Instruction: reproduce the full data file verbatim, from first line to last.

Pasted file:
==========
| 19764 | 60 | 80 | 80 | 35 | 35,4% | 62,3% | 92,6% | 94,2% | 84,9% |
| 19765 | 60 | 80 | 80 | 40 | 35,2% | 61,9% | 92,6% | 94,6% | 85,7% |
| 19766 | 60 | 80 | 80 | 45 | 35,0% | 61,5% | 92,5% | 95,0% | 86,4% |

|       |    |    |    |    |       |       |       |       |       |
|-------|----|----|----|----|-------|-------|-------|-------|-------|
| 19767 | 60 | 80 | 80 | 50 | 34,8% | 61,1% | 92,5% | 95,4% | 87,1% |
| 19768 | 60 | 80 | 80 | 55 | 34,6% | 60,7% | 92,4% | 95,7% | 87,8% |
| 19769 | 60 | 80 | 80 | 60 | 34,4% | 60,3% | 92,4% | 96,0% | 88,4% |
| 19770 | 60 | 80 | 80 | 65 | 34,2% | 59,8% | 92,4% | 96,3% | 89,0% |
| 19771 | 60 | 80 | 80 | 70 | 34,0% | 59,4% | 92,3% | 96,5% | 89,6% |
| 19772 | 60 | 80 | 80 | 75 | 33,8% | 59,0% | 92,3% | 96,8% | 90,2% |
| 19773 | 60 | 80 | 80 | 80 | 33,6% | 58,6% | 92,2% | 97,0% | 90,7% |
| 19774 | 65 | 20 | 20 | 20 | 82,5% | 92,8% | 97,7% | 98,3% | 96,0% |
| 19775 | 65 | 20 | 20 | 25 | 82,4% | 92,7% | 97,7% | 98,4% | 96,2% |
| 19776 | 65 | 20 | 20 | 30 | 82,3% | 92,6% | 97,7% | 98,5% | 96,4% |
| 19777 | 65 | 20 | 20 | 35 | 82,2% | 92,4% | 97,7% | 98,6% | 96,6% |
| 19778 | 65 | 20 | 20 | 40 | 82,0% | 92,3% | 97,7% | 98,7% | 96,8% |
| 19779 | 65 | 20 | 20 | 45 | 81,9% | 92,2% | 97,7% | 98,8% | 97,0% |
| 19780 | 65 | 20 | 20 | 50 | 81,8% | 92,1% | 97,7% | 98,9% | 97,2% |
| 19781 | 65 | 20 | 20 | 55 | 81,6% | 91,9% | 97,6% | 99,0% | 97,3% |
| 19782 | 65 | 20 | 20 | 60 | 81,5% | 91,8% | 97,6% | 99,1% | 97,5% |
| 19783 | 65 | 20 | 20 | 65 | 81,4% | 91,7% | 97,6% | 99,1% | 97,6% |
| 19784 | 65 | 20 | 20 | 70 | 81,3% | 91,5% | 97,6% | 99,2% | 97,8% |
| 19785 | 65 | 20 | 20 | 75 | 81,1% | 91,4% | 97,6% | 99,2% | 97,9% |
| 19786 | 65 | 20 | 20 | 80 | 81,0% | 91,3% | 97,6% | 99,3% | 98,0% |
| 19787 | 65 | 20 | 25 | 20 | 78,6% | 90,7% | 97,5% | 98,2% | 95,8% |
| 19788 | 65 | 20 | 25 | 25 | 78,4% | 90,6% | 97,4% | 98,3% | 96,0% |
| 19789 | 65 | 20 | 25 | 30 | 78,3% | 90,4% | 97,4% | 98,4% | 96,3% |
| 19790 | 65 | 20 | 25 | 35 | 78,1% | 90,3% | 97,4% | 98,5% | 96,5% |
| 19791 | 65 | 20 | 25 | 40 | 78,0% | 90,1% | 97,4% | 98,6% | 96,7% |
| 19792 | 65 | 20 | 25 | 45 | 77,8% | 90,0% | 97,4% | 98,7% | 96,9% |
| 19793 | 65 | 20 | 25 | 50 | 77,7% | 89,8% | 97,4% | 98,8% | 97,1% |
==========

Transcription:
| 19764 | 60 | 80 | 80 | 35 | 35,4% | 62,3% | 92,6% | 94,2% | 84,9% |
| 19765 | 60 | 80 | 80 | 40 | 35,2% | 61,9% | 92,6% | 94,6% | 85,7% |
| 19766 | 60 | 80 | 80 | 45 | 35,0% | 61,5% | 92,5% | 95,0% | 86,4% |

|       |    |    |    |    |       |       |       |       |       |
|-------|----|----|----|----|-------|-------|-------|-------|-------|
| 19767 | 60 | 80 | 80 | 50 | 34,8% | 61,1% | 92,5% | 95,4% | 87,1% |
| 19768 | 60 | 80 | 80 | 55 | 34,6% | 60,7% | 92,4% | 95,7% | 87,8% |
| 19769 | 60 | 80 | 80 | 60 | 34,4% | 60,3% | 92,4% | 96,0% | 88,4% |
| 19770 | 60 | 80 | 80 | 65 | 34,2% | 59,8% | 92,4% | 96,3% | 89,0% |
| 19771 | 60 | 80 | 80 | 70 | 34,0% | 59,4% | 92,3% | 96,5% | 89,6% |
| 19772 | 60 | 80 | 80 | 75 | 33,8% | 59,0% | 92,3% | 96,8% | 90,2% |
| 19773 | 60 | 80 | 80 | 80 | 33,6% | 58,6% | 92,2% | 97,0% | 90,7% |
| 19774 | 65 | 20 | 20 | 20 | 82,5% | 92,8% | 97,7% | 98,3% | 96,0% |
| 19775 | 65 | 20 | 20 | 25 | 82,4% | 92,7% | 97,7% | 98,4% | 96,2% |
| 19776 | 65 | 20 | 20 | 30 | 82,3% | 92,6% | 97,7% | 98,5% | 96,4% |
| 19777 | 65 | 20 | 20 | 35 | 82,2% | 92,4% | 97,7% | 98,6% | 96,6% |
| 19778 | 65 | 20 | 20 | 40 | 82,0% | 92,3% | 97,7% | 98,7% | 96,8% |
| 19779 | 65 | 20 | 20 | 45 | 81,9% | 92,2% | 97,7% | 98,8% | 97,0% |
| 19780 | 65 | 20 | 20 | 50 | 81,8% | 92,1% | 97,7% | 98,9% | 97,2% |
| 19781 | 65 | 20 | 20 | 55 | 81,6% | 91,9% | 97,6% | 99,0% | 97,3% |
| 19782 | 65 | 20 | 20 | 60 | 81,5% | 91,8% | 97,6% | 99,1% | 97,5% |
| 19783 | 65 | 20 | 20 | 65 | 81,4% | 91,7% | 97,6% | 99,1% | 97,6% |
| 19784 | 65 | 20 | 20 | 70 | 81,3% | 91,5% | 97,6% | 99,2% | 97,8% |
| 19785 | 65 | 20 | 20 | 75 | 81,1% | 91,4% | 97,6% | 99,2% | 97,9% |
| 19786 | 65 | 20 | 20 | 80 | 81,0% | 91,3% | 97,6% | 99,3% | 98,0% |
| 19787 | 65 | 20 | 25 | 20 | 78,6% | 90,7% | 97,5% | 98,2% | 95,8% |
| 19788 | 65 | 20 | 25 | 25 | 78,4% | 90,6% | 97,4% | 98,3% | 96,0% |
| 19789 | 65 | 20 | 25 | 30 | 78,3% | 90,4% | 97,4% | 98,4% | 96,3% |
| 19790 | 65 | 20 | 25 | 35 | 78,1% | 90,3% | 97,4% | 98,5% | 96,5% |
| 19791 | 65 | 20 | 25 | 40 | 78,0% | 90,1% | 97,4% | 98,6% | 96,7% |
| 19792 | 65 | 20 | 25 | 45 | 77,8% | 90,0% | 97,4% | 98,7% | 96,9% |
| 19793 | 65 | 20 | 25 | 50 | 77,7% | 89,8% | 97,4% | 98,8% | 97,1% |